Injection Molding vs. Compression Molding: Differences and Comparison
Learn about the differences between these two processes.
Injection molding is a plastics manufacturing technology that is capable of very high production volumes. The process works by injecting liquid plastic into a mold at very high pressure. Compression molding, on the other hand, is better suited to medium-volume production and is typically used with rubbers and silicones.
Injection molding is better suited to complex parts, whereas compression molding is better suited to simple geometries and large panels. Injection molding is highly automated and does not need constant human supervision, while compression molding often requires human intervention to load a charge and remove completed products. Tooling is also cheaper for compression molding. This article will compare injection molding vs compression molding in terms of the manufacturing process, materials used, and production rates.
Injection molding works by injecting molten thermoplastic into a mold cavity. The first injection molding machine was developed in 1872 by John Wesley Hyatt. In 1946, James Watson Hendry built the first screw injection molding machine, which is what modern machines are based on.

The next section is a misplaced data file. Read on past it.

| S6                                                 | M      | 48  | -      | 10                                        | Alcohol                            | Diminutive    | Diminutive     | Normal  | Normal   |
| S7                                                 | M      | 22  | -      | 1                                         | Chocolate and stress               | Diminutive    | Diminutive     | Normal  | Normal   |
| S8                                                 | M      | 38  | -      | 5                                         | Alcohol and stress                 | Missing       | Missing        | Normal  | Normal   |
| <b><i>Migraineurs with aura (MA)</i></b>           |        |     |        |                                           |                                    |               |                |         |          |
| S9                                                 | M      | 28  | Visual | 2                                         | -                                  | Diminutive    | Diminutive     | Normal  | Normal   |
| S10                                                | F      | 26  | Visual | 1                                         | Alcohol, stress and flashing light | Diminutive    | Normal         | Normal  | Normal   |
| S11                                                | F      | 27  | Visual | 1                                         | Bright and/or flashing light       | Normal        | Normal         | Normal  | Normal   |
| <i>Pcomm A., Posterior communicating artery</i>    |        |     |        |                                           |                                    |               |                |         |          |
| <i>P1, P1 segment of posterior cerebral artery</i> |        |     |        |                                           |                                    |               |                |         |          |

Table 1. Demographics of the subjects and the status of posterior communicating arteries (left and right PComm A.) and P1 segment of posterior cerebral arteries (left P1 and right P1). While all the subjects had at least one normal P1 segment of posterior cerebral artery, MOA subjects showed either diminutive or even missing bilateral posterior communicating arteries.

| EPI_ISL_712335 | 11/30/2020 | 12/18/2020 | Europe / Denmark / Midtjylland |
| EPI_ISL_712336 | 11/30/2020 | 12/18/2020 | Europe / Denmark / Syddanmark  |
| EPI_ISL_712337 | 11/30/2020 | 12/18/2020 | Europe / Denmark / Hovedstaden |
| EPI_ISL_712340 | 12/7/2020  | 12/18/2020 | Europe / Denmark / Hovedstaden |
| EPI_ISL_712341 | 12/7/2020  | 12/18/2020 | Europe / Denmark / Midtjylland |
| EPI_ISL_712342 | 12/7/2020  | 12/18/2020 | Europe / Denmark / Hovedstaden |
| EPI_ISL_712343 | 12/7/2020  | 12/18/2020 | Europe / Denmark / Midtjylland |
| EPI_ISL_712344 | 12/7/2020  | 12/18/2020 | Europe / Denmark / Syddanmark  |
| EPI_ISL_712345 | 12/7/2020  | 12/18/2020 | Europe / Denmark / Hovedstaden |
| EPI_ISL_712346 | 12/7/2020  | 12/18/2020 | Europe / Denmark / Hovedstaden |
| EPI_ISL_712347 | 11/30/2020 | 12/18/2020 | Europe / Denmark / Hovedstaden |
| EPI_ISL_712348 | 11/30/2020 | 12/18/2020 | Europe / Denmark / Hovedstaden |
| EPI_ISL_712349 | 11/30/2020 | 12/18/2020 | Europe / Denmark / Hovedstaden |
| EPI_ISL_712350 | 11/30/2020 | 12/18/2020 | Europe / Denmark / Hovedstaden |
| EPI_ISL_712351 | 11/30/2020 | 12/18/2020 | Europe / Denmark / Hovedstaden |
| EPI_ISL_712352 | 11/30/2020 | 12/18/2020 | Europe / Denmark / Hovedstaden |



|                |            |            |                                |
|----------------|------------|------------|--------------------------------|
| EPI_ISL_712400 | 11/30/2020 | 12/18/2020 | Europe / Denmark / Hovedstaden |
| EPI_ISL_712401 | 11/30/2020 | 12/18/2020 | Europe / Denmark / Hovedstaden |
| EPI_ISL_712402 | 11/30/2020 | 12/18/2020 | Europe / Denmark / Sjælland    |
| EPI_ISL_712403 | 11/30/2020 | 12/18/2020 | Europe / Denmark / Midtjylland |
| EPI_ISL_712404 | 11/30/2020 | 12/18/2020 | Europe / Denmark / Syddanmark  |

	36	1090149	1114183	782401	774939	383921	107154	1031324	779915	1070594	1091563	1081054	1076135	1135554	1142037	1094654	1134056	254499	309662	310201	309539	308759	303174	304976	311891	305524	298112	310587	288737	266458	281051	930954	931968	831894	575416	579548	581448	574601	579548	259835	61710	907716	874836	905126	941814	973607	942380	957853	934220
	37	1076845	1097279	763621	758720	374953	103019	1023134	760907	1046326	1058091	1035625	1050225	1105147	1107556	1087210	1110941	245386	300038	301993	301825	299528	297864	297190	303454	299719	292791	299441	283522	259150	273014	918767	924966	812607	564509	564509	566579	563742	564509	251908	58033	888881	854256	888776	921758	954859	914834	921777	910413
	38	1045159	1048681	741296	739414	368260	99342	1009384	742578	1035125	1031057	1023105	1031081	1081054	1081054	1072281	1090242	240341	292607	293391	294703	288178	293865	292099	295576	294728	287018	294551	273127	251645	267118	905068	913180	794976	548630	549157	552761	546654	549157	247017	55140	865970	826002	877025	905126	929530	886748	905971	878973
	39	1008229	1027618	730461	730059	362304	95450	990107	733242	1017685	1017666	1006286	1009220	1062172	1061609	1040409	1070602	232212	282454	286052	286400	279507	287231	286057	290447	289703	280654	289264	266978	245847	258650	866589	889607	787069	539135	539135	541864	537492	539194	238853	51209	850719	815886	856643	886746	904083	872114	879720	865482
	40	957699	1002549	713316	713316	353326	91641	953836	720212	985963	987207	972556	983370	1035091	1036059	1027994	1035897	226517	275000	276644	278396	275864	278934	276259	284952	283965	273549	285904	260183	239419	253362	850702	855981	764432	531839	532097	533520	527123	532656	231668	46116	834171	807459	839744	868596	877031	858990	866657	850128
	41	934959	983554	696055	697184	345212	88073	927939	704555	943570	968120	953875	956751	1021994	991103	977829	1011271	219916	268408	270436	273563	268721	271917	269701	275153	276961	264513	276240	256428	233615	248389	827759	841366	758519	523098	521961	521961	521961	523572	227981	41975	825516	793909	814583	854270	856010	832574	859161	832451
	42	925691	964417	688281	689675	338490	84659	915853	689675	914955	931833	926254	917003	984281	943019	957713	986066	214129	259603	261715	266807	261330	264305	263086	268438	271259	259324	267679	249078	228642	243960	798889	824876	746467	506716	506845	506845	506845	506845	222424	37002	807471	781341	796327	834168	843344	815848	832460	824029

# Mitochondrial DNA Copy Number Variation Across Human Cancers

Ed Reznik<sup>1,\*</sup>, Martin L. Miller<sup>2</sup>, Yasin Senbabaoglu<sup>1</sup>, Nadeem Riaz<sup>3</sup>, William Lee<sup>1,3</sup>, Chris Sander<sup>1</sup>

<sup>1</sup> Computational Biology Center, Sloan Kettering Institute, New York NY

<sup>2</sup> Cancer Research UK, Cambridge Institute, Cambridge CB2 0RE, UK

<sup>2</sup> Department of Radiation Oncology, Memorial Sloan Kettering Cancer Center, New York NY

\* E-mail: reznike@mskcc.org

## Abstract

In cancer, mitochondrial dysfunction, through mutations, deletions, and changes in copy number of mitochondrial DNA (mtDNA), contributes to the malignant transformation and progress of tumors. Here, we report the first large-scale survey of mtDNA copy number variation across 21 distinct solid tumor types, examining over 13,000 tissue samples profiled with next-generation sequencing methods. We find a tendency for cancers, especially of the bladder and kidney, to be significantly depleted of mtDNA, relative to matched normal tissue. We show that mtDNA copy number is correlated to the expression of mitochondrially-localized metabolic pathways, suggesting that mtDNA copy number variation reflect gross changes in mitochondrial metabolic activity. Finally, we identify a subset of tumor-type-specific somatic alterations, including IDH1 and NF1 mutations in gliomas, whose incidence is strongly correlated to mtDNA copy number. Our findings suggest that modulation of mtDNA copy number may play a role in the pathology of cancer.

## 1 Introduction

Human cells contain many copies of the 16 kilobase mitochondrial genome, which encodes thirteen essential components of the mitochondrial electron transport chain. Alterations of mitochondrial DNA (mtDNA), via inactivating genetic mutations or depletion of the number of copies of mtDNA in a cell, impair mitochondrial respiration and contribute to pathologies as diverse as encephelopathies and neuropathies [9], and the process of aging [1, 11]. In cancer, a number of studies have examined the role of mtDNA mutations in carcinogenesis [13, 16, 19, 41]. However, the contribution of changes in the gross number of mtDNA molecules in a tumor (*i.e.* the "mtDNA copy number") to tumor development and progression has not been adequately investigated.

Injection molding melts plastic resin pellets inside a barrel. The barrel contains a screw with a shaft whose diameter increases along its length. As the screw rotates, plastic is forced into an incrementally smaller volume. This compression is the primary mechanism responsible for melting the plastic. The barrel is also heated to supply additional heat. Once enough plastic to fill the mold has melted, the screw retracts, then is pushed forward to force the plastic into the mold at very high pressures.
Molds are made from at least two parts and are held together with hydraulic rams so that the high-pressure plastic injected into the mold cannot escape from the parting line. The mold has cooling channels that cool the part enough so that it can be ejected from the mold without damaging it. Injection molding can achieve high production volumes unmatched by any other plastic processing technique. Compression molding, on the other hand, is better suited to medium-volume production. For more information, see our guide on what is injection molding.
A simple injection molding setup is shown in Figure 1:
Injection molding setup.
Image Credit: Shutterstock.com/Moreno Soppelsa
Listed below are some advantages of injection molding compared with compression molding:
- Injection molding is a high-volume production method that can produce millions of parts per machine annually.
- Due to the high levels of automation and rapid manufacturing speed, injection molded parts are cheaper than compression molded parts.
Listed below are some disadvantages of injection molding compared with compression molding:
- Injection molding requires very high plastic injection pressures. The mold must therefore be built to withstand these high pressures. This adds cost to the tooling.
- Injection molding is not well suited to manufacture large, thin parts like vehicle panels.